With Boyd, Blackman, and others, Brack joined the Antipodeans group of figurative artists in 1959 and participated in its exhibition in August, but he regretted its controversial manifesto that criticised American abstract expressionism. From 1962 he was head of the National Gallery Art School, until he resigned all teaching commitments in 1968 to devote himself to full-time studio practice. His oeuvre is punctuated by several major series of paintings: Racecourse (1956), Nudes (1957), Playground (1959), Wedding (1960–61), Still Life (1963–72), and Ballroom Dancing (1969). In 1972 he travelled to Europe where he sought out paintings he had known only through reproductions. He made a second, short trip to Europe in 1976, but otherwise worked exclusively from his studio in Melbourne.

In much of his later work, Brack was preoccupied with a search for a new visual metaphor through which he could comment on social patterns of human behaviour. Postcards, knives and forks, and increasingly pens and pencils began to feature in his paintings and graphics. The Battle (1981–83), held by the NGA, is the largest and most ambitious of these paintings and widely held to be a key painting in Australian art history. It depicts the final phase of the Battle of Waterloo as thousands of pens and pencils rallying around playing card banners. A comment on the futility of war, it subverts the conventions of heroic battle paintings and converts the whole event into a grand farce. Many of his subsequent paintings explored the concepts of social groupings from what could be termed a structuralist perspective: he examined binary opposites and conflicting polarities, with a subtle humour and irony.

A cerebral artist, Brack spoke quietly without passion or emotion, and through his art created a language which is timeless and universal. He was known as a significant portrait painter and one of the finest draughtsmen in twentieth-century art. Despite a continuous practice for half-a-century, he completed only about 350 oil paintings, a similar number of completed watercolours and drawings, and about forty-eight editioned prints. The great majority of his paintings are held in public collections in Australia, while his graphics are also in public collections abroad, including the British Museum. Survived by his wife and their four daughters, he died on 11 February 1999 at Camberwell after a long illness and was cremated. The NGV held retrospective exhibitions in 1987 and 2009, and other major exhibitions were held at the NGA (1999), the Heide Museum of Modern Art (2000), and the National Portrait Gallery, Canberra (2007).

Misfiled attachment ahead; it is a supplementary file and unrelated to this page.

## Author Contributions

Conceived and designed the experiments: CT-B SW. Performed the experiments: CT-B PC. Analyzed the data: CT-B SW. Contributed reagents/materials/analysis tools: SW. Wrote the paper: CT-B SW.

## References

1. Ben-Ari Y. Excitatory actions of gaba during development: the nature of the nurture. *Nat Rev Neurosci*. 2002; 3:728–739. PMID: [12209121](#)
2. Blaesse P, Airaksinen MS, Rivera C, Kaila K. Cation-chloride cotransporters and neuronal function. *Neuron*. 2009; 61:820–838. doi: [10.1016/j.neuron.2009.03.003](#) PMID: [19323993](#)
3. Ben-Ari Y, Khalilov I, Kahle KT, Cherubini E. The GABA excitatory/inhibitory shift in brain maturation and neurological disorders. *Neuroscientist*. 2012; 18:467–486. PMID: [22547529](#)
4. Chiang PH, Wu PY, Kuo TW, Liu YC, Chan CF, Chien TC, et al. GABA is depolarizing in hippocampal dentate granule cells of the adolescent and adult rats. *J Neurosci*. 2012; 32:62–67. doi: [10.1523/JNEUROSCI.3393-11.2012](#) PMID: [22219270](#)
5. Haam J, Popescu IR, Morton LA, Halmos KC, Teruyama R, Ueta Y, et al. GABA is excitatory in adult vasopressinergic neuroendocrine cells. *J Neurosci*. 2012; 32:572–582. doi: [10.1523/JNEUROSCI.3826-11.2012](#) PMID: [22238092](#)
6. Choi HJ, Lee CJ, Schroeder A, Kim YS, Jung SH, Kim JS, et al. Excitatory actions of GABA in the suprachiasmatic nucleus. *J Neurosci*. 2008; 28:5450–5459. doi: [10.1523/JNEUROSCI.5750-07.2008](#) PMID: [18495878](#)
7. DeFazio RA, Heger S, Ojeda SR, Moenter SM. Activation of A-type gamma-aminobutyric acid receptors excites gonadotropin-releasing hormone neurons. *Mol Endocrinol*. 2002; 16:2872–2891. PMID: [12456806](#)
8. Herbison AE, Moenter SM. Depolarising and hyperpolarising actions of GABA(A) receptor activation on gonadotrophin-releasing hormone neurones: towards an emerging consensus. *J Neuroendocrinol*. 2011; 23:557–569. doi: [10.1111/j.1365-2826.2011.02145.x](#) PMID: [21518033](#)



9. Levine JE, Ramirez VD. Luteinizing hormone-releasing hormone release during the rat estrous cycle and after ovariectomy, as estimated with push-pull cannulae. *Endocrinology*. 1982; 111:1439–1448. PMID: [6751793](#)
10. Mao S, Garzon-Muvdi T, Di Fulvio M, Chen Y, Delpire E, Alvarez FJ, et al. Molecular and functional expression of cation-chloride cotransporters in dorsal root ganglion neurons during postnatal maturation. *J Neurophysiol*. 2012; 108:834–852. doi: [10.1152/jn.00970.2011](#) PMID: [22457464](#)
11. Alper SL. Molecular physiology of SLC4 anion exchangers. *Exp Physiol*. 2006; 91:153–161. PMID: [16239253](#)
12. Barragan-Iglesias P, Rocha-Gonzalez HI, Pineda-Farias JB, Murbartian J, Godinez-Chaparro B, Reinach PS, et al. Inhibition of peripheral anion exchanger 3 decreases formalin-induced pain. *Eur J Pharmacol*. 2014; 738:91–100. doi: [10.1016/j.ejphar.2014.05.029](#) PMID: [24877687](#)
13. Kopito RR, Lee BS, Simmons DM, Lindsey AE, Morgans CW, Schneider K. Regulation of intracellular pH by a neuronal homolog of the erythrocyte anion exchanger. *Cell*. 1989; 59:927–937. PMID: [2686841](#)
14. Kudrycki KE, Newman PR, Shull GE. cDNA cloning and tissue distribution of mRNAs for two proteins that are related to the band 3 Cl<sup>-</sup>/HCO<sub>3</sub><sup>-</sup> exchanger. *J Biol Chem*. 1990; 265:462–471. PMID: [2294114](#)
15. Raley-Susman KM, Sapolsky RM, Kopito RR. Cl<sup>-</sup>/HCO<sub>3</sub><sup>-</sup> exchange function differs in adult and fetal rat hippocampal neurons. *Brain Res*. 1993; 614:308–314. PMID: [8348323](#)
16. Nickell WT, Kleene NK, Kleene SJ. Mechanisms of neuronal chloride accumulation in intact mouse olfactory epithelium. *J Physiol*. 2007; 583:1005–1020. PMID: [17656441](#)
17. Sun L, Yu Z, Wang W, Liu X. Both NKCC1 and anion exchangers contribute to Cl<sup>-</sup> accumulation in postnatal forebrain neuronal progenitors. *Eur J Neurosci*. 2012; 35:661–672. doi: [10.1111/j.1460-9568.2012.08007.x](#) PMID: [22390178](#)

Research edited by Samuel Furphy

Select Bibliography

  • Grishin, Sasha. The Art of John Brack. 2 vols. Melbourne: Oxford University Press, 1990
  • John Brack. Curated by Kirsty Grant. Melbourne: National Gallery of Victoria, 2009. Exhibition catalogue
  • John Brack: A Retrospective Exhibition. Curated by Robert Lindsay. Melbourne: National Gallery of Victoria, 1987. Exhibition catalogue
  • Millar, Ronald. John Brack. Melbourne: Lansdowne Press, 1971
  • National Archives of Australia. B883, VX107527
  • Portraits by John Brack. Edited by Andrew Sayers. Canberra: National Portrait Gallery, 2007. Exhibition catalogue
  • A Question of Balance: John Brack 1974–1994. Curated by Ted Gott. Bulleen, Vic.: Heide Museum of Modern Art, 2000. Exhibition catalogue
  • Shore, Arnold. ‘John Brack Strikes an Exciting New Chord in Art.’ Australasian Post, 5 March 1953, 37

Additional Resources

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Citation details

Sasha Grishin, 'Brack, Cecil John (1920–1999)', Australian Dictionary of Biography, National Centre of Biography, Australian National University,, published online 2023, accessed online 13 June 2024.

© Copyright Australian Dictionary of Biography, 2006-2024

John Brack, by Geoff Hawkshaw, 1965

John Brack, by Geoff Hawkshaw, 1965

National Library of Australia, 23531314

Life Summary [details]


10 May, 1920
Melbourne, Victoria, Australia


11 February, 1999 (aged 78)
Camberwell, Melbourne, Victoria, Australia

Cause of Death

cerebral atherosclerosis

Religious Influence

Includes the religion in which subjects were raised, have chosen themselves, attendance at religious schools and/or religious funeral rites; Atheism and Agnosticism have been included.

Military Service